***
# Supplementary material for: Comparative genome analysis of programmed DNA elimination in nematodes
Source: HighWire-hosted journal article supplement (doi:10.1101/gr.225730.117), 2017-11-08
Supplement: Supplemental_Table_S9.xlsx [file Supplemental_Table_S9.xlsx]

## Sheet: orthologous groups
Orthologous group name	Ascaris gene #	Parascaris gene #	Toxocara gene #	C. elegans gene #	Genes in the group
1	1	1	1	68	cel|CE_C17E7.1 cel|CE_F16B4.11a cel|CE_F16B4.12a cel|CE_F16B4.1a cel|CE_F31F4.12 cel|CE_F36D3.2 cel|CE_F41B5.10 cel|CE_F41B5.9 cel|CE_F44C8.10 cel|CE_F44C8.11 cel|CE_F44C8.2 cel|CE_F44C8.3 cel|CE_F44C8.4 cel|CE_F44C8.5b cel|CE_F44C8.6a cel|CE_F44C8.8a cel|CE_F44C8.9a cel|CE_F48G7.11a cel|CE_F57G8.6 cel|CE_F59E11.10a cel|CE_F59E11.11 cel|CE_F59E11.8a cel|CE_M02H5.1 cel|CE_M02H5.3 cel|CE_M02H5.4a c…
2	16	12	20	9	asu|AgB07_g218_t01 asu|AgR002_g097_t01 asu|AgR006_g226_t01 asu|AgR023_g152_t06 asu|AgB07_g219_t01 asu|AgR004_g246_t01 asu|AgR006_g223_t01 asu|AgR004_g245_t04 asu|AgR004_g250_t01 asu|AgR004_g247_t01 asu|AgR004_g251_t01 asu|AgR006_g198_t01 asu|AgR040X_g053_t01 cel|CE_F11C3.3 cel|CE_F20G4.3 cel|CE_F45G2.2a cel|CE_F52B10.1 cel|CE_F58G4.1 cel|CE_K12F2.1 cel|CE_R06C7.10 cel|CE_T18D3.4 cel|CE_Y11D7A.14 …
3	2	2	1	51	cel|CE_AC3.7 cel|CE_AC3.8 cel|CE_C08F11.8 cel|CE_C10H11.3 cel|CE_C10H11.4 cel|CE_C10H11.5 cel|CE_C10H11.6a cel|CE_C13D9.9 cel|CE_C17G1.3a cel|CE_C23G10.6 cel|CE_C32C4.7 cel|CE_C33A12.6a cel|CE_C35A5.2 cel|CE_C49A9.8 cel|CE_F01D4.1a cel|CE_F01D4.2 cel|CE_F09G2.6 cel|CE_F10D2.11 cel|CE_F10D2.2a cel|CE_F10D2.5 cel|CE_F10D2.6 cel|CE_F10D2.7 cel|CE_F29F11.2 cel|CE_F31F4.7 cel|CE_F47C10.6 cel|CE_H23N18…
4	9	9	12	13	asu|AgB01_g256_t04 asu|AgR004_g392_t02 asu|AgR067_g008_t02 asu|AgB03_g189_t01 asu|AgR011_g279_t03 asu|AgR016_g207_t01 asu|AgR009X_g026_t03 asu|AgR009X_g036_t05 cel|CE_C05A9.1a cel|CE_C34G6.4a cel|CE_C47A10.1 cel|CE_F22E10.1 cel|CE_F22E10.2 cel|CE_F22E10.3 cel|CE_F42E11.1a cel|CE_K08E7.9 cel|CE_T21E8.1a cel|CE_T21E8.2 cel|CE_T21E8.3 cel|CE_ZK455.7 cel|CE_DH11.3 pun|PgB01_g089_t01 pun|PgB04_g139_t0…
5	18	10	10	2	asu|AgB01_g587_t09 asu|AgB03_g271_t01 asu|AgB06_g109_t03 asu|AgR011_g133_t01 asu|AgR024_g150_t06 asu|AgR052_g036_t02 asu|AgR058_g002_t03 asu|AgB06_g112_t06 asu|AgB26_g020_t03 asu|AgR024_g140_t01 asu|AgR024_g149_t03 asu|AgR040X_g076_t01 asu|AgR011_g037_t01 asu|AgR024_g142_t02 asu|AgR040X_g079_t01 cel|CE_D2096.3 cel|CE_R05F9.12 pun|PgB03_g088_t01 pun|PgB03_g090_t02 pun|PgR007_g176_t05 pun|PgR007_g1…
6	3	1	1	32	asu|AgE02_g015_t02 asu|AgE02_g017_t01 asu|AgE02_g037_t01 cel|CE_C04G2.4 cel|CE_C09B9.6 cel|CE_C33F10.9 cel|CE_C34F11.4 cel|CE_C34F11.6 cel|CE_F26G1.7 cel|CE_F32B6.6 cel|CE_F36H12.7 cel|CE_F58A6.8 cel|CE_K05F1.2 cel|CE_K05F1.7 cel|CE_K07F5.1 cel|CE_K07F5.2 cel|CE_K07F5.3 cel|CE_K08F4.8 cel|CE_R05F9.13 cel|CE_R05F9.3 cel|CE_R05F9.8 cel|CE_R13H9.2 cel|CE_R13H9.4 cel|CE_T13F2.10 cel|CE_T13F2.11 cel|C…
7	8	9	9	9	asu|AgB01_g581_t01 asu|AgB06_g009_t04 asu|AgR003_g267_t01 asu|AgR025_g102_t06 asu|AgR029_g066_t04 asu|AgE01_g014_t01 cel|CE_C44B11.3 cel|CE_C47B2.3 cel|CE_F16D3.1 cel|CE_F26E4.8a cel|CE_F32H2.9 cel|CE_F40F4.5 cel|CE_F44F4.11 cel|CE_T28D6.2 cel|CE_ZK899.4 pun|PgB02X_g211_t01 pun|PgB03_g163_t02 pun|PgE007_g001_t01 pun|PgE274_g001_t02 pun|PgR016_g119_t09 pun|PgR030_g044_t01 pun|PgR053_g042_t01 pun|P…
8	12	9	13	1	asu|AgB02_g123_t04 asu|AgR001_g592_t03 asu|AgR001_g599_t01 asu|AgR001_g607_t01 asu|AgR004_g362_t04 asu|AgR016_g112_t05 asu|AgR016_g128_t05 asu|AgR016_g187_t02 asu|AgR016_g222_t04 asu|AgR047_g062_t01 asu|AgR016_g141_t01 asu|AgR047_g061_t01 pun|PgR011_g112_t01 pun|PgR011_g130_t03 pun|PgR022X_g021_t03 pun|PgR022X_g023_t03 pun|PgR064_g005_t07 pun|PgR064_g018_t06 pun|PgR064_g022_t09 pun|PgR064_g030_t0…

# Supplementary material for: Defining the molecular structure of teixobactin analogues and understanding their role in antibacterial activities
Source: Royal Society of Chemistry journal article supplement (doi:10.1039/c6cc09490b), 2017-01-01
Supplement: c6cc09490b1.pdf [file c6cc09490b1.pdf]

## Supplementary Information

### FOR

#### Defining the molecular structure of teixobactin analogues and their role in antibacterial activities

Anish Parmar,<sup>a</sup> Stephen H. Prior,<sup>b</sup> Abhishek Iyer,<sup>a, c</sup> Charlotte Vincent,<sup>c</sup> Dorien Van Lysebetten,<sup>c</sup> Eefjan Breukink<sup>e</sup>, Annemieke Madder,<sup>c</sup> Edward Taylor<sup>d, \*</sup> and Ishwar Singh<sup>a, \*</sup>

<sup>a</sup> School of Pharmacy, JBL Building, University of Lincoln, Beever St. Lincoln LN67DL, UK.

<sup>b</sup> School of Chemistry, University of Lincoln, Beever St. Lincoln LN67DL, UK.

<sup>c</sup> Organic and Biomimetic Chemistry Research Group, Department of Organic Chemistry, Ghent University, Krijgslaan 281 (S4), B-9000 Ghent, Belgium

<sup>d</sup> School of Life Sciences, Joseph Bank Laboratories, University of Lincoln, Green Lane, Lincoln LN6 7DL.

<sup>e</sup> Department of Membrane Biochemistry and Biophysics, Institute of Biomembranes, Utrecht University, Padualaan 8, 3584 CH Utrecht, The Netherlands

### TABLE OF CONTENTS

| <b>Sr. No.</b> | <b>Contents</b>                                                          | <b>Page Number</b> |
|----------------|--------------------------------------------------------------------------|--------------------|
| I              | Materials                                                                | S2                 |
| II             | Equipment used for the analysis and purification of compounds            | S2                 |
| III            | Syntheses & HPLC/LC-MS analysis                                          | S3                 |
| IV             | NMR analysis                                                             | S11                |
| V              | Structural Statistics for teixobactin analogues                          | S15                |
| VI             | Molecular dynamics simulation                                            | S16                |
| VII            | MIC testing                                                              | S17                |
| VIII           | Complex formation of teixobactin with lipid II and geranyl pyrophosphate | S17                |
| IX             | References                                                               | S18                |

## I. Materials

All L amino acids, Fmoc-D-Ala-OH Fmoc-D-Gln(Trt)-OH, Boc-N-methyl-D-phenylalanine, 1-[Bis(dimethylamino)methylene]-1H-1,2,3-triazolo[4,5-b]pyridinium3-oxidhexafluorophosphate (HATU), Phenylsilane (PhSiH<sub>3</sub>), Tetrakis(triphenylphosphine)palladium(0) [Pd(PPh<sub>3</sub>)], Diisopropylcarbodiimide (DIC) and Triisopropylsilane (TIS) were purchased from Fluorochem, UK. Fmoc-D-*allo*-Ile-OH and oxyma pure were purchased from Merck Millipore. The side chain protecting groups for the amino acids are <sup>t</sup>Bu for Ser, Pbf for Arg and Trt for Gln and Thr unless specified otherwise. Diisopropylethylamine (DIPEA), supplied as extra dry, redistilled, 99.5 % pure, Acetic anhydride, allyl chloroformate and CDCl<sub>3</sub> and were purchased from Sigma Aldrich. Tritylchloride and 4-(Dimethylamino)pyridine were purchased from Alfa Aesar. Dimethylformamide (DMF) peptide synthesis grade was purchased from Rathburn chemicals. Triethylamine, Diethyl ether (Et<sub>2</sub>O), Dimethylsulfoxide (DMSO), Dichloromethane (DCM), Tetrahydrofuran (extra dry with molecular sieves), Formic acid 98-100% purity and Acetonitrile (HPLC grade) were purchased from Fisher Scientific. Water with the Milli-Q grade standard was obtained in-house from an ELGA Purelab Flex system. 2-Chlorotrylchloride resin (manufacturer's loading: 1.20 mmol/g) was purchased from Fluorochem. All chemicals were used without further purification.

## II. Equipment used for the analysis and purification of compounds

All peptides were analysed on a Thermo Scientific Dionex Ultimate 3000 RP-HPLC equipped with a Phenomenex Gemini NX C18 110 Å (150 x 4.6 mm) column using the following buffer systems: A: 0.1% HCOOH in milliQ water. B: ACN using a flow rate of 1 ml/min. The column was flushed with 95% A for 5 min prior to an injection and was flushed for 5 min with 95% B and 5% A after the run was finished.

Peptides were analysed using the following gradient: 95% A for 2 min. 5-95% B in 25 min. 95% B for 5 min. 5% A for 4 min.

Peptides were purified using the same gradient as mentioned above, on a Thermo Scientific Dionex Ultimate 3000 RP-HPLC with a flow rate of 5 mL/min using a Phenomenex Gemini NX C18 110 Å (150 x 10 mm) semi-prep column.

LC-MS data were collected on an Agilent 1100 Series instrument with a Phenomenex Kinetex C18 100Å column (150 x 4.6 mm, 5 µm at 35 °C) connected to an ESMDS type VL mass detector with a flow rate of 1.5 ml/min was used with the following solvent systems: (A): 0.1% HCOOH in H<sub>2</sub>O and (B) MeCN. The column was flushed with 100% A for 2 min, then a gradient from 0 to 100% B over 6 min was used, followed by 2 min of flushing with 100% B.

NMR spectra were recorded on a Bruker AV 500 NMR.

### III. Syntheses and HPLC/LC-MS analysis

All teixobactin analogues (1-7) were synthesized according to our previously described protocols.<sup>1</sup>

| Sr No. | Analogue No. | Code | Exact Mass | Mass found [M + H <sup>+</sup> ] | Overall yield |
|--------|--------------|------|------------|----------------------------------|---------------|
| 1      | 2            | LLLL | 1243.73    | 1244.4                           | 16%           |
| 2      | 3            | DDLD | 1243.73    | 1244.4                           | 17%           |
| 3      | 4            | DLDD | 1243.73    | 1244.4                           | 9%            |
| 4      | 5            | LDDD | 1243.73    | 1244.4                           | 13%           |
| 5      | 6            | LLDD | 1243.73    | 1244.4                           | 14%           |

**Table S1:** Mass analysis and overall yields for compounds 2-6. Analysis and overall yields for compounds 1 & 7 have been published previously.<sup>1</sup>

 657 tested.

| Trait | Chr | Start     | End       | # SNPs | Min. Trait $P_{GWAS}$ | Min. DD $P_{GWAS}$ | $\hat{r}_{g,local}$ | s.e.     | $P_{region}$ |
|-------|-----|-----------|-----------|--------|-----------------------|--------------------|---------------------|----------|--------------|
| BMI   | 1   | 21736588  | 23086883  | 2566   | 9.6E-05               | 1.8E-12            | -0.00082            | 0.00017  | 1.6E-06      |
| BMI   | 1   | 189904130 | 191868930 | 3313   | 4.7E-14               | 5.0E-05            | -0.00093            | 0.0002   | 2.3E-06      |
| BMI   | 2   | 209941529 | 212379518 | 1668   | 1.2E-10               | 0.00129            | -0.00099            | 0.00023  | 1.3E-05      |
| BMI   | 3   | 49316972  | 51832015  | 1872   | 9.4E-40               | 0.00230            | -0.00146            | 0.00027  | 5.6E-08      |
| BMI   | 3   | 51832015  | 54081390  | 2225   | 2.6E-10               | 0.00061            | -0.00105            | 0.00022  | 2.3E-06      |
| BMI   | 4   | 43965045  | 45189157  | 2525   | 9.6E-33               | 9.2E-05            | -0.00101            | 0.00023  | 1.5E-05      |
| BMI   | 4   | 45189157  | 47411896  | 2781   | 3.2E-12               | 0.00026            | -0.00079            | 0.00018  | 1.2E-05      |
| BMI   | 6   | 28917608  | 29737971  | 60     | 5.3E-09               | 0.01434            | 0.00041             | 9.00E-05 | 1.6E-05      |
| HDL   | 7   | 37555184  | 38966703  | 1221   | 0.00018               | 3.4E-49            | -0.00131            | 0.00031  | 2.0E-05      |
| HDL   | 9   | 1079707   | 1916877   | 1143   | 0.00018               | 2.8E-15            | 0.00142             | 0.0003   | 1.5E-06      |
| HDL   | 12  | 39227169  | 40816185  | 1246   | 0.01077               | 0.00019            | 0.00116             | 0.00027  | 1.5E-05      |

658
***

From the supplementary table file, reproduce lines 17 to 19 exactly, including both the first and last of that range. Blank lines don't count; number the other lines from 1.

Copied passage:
## Supplementary Information

### FOR

#### Defining the molecular structure of teixobactin analogues and their role in antibacterial activities